Team after team grew to the point that Baxter finally became too limited to house our groups. After years of cooperation and partnership, Torch separated from Baxter in the early 2000’s when Tim found Villa Gracia, or what we now call the Mission House. Even though it was quite a drive to get there, the space and number of beds were too good to pass up. The Mission House could house small, medium, large, and even mega teams. With the use of our own buses, torch was ready to again step up to the next level.

Today well over a dozen teams go to Honduras to work under Torch. Teams vary in size and sometimes vary in mission. Some teams focus more on evangelism while others focus more on medical brigades. Some are prolific building teams while others specialize more on visitation and service projects. Each team has its own unique “personality” and traits. And even though each team is unique in and of themselves, we are all still very much alike. We are motivated and moved by the same passion that brought us to Honduras in the first place. We use the same resources and protocols. We use the same tools and blueprints. We implement procedures and rules that are tried and true.

And we all work under the name of T.O.R.C.H. Training of Redeemed Christians Heaven-bound. Taking THE Light to a world in darkness. And each team leader, like myself, is deep into preparations for the 2010 trips. Lining up dates, contacting suppliers, researching work sites, and evaluating team skills and talents, and recruiting team members are just a few of the things being done right now. I hope to have concrete dates and tentative plans and work sites ready by the end of this month. Applications will be ready to send out by the first week of November. Deposits will be due by the end of the year. Yep, it is that time of the year again!!!


Tuesday, October 6

We've come a long way baby!

After all of the stories you have read about the life of a Torcher on campus at Baxter I am sure you have been wondering about the arrangements girls experienced “back in the day.” I can assure you it was much different from the girl’s point of view.

If you have ever been on a youth group trip, especially one of mine, you probably have experienced staying at a host family house. My groups did it all of the time and it is just the way you do things when you take a road trip to work with a church group or stay in an area where lodging is scarce or expensive. Families volunteer to host one or more in their house during a trip and provide beds, meals, and anything else needed during that time. Its easy, fun, and you never know what to expect.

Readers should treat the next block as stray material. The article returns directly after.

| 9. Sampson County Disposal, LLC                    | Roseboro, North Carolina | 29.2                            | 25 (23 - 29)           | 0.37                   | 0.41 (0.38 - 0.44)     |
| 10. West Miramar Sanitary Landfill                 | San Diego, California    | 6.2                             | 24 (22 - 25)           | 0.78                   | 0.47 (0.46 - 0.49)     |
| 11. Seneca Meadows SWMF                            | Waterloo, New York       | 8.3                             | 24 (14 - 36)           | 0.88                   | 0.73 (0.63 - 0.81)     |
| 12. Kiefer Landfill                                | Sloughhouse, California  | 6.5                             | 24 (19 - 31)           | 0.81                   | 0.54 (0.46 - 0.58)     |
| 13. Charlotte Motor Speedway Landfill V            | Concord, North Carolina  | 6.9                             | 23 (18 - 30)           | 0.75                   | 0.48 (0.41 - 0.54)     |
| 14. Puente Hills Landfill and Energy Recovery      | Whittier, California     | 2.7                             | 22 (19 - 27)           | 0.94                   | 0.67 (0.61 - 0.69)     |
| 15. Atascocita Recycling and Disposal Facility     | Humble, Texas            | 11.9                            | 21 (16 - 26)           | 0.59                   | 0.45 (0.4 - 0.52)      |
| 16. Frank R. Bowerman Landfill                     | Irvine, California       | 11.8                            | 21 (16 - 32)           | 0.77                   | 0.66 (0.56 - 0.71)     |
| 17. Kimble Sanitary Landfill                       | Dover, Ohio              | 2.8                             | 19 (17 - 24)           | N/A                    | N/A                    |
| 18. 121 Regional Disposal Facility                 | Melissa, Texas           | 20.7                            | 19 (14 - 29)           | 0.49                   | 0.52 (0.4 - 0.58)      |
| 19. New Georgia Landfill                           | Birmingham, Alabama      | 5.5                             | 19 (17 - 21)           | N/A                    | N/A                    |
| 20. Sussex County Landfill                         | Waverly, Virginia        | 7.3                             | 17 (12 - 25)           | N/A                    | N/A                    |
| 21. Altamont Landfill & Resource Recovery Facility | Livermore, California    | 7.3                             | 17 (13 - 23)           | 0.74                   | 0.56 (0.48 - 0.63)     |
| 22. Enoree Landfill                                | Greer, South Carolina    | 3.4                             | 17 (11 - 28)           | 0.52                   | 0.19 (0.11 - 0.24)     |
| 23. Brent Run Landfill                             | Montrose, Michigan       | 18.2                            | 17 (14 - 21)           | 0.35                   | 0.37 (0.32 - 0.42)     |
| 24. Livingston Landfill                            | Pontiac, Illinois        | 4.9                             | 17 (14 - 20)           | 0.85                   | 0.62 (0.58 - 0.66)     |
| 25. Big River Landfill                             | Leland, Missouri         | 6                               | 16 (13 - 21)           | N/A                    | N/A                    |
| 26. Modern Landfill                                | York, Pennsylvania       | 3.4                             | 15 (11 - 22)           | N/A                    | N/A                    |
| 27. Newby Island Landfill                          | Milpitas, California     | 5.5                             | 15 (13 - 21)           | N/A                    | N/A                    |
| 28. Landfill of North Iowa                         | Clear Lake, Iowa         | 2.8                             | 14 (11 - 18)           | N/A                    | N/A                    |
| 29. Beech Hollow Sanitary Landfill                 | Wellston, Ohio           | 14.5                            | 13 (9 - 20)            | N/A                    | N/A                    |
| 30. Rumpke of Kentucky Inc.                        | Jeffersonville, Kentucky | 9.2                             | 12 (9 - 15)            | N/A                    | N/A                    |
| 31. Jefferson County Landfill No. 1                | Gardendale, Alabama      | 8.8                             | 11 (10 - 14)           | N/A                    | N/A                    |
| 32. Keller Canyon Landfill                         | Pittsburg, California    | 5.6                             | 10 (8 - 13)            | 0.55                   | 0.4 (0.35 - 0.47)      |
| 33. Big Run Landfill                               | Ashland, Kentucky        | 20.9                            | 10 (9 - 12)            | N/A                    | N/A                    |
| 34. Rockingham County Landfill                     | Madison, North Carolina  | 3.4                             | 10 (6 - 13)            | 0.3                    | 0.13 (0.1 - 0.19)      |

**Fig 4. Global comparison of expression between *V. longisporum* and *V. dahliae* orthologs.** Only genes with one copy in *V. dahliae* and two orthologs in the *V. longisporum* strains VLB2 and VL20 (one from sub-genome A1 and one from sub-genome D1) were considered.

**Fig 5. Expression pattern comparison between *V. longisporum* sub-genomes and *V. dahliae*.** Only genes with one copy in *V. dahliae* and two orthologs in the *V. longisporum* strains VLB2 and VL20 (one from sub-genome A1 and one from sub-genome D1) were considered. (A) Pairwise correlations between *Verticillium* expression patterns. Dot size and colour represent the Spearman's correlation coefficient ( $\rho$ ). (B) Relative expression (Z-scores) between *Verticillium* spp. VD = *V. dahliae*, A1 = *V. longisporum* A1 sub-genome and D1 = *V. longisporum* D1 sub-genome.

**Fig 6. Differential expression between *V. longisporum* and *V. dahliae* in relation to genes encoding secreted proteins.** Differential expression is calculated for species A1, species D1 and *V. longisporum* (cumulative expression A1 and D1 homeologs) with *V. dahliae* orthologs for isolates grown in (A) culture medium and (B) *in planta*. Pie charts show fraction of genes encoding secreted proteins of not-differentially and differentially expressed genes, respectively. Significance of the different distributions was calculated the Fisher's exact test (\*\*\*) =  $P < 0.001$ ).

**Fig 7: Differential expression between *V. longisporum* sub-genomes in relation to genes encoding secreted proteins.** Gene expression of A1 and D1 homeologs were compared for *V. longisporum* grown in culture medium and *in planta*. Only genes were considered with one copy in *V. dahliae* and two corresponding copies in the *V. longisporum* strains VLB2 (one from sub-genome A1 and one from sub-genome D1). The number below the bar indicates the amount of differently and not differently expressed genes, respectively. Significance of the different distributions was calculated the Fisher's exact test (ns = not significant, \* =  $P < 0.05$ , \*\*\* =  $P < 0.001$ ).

So, the same principle was used in the early days of Torch. Steve Davidson, one of the co-founders of Torch, the youth minister at the Vultee Church of Christ in Nashville, was certainly familiar with housing arrangements during youth trips and Miguel Agular knew families in Tegucigalpa who were more than willing to be hosts. 2+2= 4, right? Well, yes and no. Yes in the fact that this idea would work, no in the fact that we did not know how well it would work. It didn’t take very long to find out.

Since the guys were staying at Baxter we did not have to worry about anything beyond the perimeter walls of the campus. The walls not only established the property boundary of Baxter but also served as a protection. Baxter also had security guards on duty 24/7. We were not
allowed to leave at night, unless we were walking down the street to the local pulperia, in a large group. This was all done for safety, even though it was no more dangerous than it is today.

Girls, on the other hand, had to leave the property in the evenings after our work was done and go to host family homes. Most families lived within walking distance of campus. However, the distances were at times farther than you might expect. And since the girls had to walk home on the same sidewalks that they guys were not allowed to walk on except in large groups, it presented a problem. We certainly could not allow our girls to walk home alone. So, in the evenings, they were escorted home by a large number of guys. The guys didn’t mind much, especially since they could stop at the store and buy a cold drink or a bag of chips on the way back to campus.

However, the nighttime walk was only the beginning of a system of flaws and errors that we had going for us. Some host families could only keep 1, maybe 2 girls. Others could keep 4 or 5. So rooming assignments were challenging. Some families could speak English while most could not. Some of the girls could speak Spanish while most could not. Some host families had large houses with several bedrooms and extra beds while most did not. Some families were relatively wealthy while others were not. Some had running water, hot water, and even maids. Most did not. In other words, there was a huge variance of living conditions the girls were experiencing.

Some girls started their days with a hot, delicious breakfast and fresh squeezed orange juice after taking a nice hot shower. Others started their mornings with cold cereal and warm milk after taking a cold shower. Some girls slept on thick, fluffy mattresses and pillows while others slept on a thin foam pad on an old bed frame. Some girls had their own bedroom while others
had to share a bedroom with the host families’ children. Some came home each day to find their clothes washed and folded on their neatly made beds. Others had to wash their own clothes on scrub boards in the back yard. Some host families had cute puppies as pets while one family had a pet pig! Not just a pig, but also a very large one that loved sleeping under the bed in the guest room!!! As you could see, the living conditions varied widely.